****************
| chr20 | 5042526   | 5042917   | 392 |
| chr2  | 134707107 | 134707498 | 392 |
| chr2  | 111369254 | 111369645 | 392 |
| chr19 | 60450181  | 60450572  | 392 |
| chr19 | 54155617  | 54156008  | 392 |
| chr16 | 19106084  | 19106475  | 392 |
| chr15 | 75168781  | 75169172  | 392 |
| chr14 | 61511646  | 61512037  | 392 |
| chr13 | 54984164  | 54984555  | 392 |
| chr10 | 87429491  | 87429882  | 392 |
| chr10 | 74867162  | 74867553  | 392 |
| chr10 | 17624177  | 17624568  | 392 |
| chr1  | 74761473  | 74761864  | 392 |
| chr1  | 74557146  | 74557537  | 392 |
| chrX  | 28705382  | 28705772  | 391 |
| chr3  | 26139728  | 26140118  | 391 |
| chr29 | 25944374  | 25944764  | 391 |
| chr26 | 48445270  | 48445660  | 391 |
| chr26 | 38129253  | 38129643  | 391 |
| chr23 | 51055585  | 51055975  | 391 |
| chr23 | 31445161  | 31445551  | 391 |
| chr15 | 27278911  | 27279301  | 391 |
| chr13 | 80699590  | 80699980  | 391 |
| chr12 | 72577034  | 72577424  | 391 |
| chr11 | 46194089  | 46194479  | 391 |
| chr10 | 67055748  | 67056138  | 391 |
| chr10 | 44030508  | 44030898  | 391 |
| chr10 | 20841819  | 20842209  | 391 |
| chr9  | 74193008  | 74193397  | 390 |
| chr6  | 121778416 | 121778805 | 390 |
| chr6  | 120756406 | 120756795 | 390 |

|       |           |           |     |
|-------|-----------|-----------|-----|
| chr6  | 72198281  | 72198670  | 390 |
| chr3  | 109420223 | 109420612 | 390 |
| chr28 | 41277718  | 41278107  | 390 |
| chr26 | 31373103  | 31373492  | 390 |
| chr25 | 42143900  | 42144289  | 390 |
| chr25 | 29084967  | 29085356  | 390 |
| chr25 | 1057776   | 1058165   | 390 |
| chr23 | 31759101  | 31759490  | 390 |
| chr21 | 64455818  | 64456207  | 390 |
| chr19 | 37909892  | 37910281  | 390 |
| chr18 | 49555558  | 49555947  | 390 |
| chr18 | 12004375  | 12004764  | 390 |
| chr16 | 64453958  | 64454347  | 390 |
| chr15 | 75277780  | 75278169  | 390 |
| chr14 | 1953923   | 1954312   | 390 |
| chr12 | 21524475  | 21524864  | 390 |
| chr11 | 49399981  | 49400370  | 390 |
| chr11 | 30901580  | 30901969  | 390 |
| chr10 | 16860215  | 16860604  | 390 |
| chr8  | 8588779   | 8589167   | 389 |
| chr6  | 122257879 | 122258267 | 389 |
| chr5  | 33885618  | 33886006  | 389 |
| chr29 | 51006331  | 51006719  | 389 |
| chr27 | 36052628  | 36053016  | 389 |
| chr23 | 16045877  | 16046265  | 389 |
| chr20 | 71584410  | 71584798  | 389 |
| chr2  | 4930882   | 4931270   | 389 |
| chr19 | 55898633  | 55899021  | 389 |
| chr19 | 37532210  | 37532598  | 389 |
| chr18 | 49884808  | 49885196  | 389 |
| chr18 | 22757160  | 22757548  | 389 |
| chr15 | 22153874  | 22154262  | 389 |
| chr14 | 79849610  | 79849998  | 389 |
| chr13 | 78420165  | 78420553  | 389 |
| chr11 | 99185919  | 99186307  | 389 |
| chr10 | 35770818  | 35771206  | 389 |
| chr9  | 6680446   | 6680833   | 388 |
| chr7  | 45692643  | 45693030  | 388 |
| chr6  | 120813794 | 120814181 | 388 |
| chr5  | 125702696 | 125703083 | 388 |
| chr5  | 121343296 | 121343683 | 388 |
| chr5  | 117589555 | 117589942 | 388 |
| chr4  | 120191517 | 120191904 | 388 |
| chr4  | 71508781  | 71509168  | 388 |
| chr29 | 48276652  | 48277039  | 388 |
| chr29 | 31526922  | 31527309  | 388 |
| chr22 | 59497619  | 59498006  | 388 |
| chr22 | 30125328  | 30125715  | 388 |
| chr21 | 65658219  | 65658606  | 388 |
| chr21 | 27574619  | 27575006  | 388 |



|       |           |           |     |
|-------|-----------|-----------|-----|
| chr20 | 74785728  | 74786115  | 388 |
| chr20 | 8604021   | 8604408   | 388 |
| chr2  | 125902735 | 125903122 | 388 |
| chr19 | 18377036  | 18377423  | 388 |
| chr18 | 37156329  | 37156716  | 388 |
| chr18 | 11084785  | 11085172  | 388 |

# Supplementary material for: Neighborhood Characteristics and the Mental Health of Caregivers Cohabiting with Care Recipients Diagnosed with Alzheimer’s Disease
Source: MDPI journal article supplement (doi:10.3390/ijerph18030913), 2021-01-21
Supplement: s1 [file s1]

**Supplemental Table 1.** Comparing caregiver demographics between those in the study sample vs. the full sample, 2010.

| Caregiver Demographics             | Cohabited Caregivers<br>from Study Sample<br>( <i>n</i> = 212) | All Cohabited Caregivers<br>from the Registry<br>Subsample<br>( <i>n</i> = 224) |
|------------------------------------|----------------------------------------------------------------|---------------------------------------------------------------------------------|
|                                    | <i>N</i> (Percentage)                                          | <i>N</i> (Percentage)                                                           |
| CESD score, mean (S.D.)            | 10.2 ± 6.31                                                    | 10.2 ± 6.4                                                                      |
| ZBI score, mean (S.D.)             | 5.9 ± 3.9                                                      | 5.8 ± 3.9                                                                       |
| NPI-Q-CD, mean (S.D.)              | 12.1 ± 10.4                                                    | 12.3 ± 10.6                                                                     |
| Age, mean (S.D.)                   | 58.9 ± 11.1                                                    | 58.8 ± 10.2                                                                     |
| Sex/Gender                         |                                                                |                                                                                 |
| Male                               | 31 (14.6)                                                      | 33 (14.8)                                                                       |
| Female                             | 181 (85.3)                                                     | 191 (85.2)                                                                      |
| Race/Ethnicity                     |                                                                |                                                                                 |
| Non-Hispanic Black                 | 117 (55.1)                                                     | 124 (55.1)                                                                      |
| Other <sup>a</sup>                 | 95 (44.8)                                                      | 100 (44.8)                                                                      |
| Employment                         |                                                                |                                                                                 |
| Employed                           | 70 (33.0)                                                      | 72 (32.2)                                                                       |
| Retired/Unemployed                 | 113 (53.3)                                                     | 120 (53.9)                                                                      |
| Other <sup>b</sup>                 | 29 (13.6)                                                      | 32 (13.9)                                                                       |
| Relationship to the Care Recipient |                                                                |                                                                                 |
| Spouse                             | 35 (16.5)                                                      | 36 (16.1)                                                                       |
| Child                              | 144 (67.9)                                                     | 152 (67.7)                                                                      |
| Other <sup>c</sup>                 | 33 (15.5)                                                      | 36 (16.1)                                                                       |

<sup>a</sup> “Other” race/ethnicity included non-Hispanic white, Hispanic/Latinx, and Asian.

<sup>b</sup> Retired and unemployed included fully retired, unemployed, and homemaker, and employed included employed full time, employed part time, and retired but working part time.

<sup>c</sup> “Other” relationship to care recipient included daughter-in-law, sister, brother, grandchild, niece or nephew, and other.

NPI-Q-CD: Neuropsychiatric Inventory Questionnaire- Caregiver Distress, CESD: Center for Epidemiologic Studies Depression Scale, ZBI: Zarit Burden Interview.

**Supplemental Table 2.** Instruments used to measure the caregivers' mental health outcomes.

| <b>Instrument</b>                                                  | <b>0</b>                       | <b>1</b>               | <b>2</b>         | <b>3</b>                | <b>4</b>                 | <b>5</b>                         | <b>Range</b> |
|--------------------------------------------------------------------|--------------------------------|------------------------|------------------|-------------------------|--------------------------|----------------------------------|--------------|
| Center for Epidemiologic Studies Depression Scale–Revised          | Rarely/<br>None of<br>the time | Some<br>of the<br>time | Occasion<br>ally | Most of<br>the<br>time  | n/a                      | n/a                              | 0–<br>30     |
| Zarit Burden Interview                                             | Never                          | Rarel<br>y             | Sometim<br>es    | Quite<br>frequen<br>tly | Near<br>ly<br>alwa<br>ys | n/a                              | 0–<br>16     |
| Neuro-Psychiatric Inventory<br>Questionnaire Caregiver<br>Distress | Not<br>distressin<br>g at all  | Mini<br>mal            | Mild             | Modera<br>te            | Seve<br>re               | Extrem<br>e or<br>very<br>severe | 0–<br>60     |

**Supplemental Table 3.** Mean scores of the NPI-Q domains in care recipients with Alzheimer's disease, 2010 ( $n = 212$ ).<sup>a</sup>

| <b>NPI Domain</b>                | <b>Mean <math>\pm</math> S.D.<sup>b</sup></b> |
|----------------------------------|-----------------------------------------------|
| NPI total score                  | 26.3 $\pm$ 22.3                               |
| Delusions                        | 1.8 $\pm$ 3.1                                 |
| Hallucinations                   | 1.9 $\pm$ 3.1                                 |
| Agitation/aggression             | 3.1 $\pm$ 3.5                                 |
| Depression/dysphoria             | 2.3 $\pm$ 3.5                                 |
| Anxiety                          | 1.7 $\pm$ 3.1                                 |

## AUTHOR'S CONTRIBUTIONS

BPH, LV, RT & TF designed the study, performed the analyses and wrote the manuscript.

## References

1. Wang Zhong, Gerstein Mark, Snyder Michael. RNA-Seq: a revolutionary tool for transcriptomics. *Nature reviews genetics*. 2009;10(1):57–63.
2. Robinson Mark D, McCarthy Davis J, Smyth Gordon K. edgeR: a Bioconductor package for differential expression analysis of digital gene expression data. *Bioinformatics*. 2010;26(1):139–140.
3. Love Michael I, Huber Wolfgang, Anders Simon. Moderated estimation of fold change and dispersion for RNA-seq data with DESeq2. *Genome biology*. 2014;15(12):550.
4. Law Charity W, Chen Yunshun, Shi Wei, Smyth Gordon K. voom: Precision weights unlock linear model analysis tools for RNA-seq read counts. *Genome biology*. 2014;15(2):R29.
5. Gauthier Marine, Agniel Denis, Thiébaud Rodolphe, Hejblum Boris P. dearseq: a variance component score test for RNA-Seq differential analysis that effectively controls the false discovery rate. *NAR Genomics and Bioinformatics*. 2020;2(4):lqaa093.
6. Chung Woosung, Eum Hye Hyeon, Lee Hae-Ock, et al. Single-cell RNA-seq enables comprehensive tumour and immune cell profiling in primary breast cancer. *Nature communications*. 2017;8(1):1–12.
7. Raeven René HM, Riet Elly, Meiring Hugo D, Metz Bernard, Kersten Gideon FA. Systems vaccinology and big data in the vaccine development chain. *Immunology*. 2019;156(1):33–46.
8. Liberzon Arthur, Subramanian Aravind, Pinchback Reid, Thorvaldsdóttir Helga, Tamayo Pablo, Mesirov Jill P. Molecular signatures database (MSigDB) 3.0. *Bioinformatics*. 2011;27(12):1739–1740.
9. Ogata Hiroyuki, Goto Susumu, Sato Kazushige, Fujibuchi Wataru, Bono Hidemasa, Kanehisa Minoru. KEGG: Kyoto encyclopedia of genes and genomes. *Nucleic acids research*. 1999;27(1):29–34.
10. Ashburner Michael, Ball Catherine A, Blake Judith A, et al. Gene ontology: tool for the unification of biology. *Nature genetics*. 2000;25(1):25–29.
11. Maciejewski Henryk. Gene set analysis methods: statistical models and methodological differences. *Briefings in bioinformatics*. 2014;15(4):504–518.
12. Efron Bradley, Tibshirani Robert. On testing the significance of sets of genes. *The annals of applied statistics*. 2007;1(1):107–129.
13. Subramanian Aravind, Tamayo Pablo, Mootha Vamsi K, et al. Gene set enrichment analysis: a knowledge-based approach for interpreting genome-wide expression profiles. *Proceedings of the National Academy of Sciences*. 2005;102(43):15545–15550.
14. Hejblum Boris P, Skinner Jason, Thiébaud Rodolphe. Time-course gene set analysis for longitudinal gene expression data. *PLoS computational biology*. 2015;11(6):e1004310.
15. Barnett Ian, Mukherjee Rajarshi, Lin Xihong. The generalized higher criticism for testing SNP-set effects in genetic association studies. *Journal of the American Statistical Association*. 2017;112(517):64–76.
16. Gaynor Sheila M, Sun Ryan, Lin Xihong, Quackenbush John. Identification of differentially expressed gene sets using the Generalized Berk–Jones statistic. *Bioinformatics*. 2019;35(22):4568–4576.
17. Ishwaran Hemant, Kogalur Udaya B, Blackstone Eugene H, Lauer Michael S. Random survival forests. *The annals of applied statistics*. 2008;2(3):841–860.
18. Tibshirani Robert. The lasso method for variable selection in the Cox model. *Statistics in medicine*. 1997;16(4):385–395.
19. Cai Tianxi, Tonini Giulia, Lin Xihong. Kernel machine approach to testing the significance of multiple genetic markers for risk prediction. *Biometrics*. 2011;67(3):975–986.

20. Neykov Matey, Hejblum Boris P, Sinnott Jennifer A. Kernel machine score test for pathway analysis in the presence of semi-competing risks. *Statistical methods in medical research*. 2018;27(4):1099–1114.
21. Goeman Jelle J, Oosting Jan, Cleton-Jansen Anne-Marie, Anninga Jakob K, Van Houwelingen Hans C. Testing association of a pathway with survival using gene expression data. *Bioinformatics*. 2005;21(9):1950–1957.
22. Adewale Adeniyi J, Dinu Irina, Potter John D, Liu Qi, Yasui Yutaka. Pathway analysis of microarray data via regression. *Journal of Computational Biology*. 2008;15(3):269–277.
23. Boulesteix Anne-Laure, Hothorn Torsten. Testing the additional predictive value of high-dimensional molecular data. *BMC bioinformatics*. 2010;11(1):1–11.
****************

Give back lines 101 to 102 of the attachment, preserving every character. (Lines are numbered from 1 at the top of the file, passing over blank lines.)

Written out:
| NPI-Q-CD, mean (S.D.)              | 12.1 ± 10.4                                                    | 12.3 ± 10.6                                                                     |
| Age, mean (S.D.)                   | 58.9 ± 11.1                                                    | 58.8 ± 10.2                                                                     |